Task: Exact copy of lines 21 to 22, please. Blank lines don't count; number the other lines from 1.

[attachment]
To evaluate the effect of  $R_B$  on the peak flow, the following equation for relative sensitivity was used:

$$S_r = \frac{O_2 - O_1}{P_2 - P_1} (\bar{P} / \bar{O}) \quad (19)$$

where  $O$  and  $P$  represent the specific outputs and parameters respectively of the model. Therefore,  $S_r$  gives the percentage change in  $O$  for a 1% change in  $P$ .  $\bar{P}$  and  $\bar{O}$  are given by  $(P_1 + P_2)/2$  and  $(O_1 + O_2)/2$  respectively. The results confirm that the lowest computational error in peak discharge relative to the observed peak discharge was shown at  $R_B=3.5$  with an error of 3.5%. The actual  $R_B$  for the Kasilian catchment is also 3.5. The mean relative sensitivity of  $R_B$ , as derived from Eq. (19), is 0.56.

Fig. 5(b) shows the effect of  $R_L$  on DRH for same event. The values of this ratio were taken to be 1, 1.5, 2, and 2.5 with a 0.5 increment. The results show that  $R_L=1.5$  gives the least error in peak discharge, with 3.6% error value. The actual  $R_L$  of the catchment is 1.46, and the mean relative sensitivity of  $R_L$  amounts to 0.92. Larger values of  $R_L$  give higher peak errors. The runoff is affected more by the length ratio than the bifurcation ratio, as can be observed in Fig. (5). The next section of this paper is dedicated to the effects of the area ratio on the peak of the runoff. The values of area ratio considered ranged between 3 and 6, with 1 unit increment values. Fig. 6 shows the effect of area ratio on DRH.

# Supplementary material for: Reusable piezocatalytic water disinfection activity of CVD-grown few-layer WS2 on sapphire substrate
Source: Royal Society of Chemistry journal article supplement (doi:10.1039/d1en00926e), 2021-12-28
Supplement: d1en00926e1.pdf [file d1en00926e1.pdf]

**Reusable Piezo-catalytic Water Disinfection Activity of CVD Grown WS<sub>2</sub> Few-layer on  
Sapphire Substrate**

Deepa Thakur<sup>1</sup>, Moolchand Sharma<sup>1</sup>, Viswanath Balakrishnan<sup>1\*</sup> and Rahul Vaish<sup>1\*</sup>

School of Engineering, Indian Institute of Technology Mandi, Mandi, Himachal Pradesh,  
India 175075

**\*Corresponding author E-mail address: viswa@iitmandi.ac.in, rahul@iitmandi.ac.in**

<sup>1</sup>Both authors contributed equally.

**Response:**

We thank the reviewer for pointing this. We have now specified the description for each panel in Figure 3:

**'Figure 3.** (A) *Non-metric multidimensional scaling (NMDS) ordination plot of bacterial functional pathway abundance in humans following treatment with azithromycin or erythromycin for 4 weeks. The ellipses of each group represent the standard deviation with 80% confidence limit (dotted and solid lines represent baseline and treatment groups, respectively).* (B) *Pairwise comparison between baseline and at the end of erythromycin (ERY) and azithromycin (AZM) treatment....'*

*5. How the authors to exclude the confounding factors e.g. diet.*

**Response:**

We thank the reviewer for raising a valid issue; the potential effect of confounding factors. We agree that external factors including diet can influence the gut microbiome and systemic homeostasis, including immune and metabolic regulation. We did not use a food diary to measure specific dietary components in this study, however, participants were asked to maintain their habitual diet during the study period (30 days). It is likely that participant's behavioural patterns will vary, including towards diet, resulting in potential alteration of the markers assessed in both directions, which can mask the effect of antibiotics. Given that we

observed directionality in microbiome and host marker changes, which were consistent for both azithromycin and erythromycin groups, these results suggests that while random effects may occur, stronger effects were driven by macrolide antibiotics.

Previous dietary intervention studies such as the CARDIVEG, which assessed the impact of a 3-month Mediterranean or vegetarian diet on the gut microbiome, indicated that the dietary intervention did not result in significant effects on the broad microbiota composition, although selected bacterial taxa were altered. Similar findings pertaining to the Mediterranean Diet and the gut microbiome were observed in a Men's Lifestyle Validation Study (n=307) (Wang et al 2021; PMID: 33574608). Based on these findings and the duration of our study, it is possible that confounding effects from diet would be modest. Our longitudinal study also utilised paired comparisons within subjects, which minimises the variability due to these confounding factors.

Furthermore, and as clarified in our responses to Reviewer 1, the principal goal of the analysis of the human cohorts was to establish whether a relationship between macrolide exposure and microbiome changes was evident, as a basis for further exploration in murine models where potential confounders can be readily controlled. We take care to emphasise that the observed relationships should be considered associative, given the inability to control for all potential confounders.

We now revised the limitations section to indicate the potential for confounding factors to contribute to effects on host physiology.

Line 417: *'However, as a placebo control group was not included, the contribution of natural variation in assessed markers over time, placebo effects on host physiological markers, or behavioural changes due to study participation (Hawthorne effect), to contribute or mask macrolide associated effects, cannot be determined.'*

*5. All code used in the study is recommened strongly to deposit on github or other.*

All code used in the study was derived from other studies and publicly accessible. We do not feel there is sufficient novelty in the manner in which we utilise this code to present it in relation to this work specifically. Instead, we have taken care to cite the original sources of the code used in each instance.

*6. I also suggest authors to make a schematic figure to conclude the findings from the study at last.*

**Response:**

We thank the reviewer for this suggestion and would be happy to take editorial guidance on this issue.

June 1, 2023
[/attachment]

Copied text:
observed directionality in microbiome and host marker changes, which were consistent for both azithromycin and erythromycin groups, these results suggests that while random effects may occur, stronger effects were driven by macrolide antibiotics.

Previous dietary intervention studies such as the CARDIVEG, which assessed the impact of a 3-month Mediterranean or vegetarian diet on the gut microbiome, indicated that the dietary intervention did not result in significant effects on the broad microbiota composition, although selected bacterial taxa were altered. Similar findings pertaining to the Mediterranean Diet and the gut microbiome were observed in a Men's Lifestyle Validation Study (n=307) (Wang et al 2021; PMID: 33574608). Based on these findings and the duration of our study, it is possible that confounding effects from diet would be modest. Our longitudinal study also utilised paired comparisons within subjects, which minimises the variability due to these confounding factors.